Only two weeks after it was sent to the chamber’s floor and with little debate, the Lower House has passed a bill that will allow the fingerprinting and photographing of foreigners as they enter Japan. The legislation is now in the Upper House. The Justice Ministry says that the bill to revise the Immigration Control and Refugee Recognition Law is aimed at preventing the entry of terrorists into the country. Since the measures contained in the bill are drastic, the Upper House needs to conduct thorough deliberations on it. At present, the United States is the only country that photographs and fingerprints entrants, although a few European countries fingerprint foreigners when they apply for visas at overseas diplomatic missions.

Under the bill, foreigners entering or re-entering Japan would be required to be digitally fingerprinted and photographed at their port of entry. Foreigners in the following categories would be exempted from the requirements: children under the age of 16, diplomats and others who have been officially invited to Japan and people with a special permanent residency status — mostly Koreans who began residing in Japan when Korea was a Japanese colony, and their offspring. But foreigners with ordinary permanent-residency status and even those from visa-exempted countries would be subjected to the requirements. The government reportedly intends to keep the biometric data for more than 70 years.

The biometric data collected from entrants would be checked against a list of those whom Japanese immigration authorities deported in the past and those who are on an international wanted list. The justice minister would be able to deport a person who is recognized as “having enough reason to be suspected of being likely to engage in preparatory activities” for terrorist activities or to carry out terrorist activities themselves. The definition of people who may be deported is so broad that the government should clarify in the Diet debate what kind of people would fall under the definition and what kind would not. In the worst case, people with certain opinions on politically sensitive issues might be denied entry into Japan.

The bill would also require airlines to provide police and immigration authorities in advance with lists of passengers bound for Japan. More than 20 of some 60 airlines concerned have been offering such information on a voluntary basis since January 2005.

Japan used to fingerprint foreign residents for residency-registration purposes. But facing strong opposition, especially from the country’s Korean residents, the Justice Ministry abolished the system in 1999. Even when it was taking fingerprints of foreign residents, the ministry’s official position was that the fingerprint records held by the ministry would never be used in criminal investigations. The Criminal Procedure Law also states that the authorities may fingerprint a person without a warrant only when the person is being held in custody as a criminal suspect.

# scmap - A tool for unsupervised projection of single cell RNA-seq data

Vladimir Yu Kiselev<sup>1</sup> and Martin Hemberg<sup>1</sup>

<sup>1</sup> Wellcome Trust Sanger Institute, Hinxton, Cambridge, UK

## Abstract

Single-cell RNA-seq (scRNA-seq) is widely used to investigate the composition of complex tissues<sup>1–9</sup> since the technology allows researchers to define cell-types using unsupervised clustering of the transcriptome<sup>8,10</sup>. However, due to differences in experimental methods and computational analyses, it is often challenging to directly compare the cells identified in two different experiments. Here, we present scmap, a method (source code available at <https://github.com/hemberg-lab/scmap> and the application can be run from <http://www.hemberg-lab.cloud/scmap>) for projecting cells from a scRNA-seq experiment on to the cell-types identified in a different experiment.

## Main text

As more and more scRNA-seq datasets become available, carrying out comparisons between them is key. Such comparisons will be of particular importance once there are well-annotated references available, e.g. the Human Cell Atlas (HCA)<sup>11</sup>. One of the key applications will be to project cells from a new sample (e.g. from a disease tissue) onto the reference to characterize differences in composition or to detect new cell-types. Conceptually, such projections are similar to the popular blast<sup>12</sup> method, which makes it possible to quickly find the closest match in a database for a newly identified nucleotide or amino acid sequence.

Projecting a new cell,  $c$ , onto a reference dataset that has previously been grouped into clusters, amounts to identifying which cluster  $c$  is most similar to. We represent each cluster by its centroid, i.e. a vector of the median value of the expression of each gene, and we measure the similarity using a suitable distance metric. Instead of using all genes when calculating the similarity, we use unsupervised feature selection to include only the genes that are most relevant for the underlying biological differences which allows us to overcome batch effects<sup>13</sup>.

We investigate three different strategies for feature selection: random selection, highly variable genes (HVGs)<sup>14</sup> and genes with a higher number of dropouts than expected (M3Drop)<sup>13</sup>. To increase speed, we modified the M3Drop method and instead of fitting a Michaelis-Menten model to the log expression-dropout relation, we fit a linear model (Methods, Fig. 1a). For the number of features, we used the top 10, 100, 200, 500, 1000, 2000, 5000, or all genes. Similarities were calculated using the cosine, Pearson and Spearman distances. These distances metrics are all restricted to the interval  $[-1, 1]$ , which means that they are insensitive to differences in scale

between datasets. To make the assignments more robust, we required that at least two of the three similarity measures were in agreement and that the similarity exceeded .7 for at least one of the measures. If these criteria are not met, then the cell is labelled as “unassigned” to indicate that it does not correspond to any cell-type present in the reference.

It is true that the terrorist attacks in the U.S. on Sept. 11, 2001, has changed the international situation and some stricter security measures at ports of entry are warranted. But the proposed collection of biometric data is a vast departure from present practice. Foreigners may protest that the new law constitutes a form of discrimination against them. Some may shun Japan as a sightseeing destination. The Upper House needs to fully debate the merits and demerits of the proposal.

If the bill is enacted, it means that the Justice Ministry will store in its data base the photographs and fingerprints of more than 7 million foreigners entering Japan every year. The bill says that the ministry would offer the data to police and other government agencies if so requested. Thus the data could be used for purposes other than the prevention of terrorism. This would infringe even more on the privacy of the vast majority of people who have nothing to do with terrorism. Another possible problem is inadvertent leakage of the data from the Justice Ministry’s data base. The Japan Federation of Bar Associations proposes that the fingerprints and photographs collected be deleted immediately after they are checked against black lists. The Democratic Party of Japan proposes that the collected data should be deleted as soon as the person leaves Japan.

Sterner measures to combat terrorism are unavoidable. But in deliberating on the bill, the Upper House needs to take into consideration such factors as protection of foreigners’ human rights, making Japan a more attractive tourist destination and turning our society into one in which Japanese and foreigners can live harmoniously.

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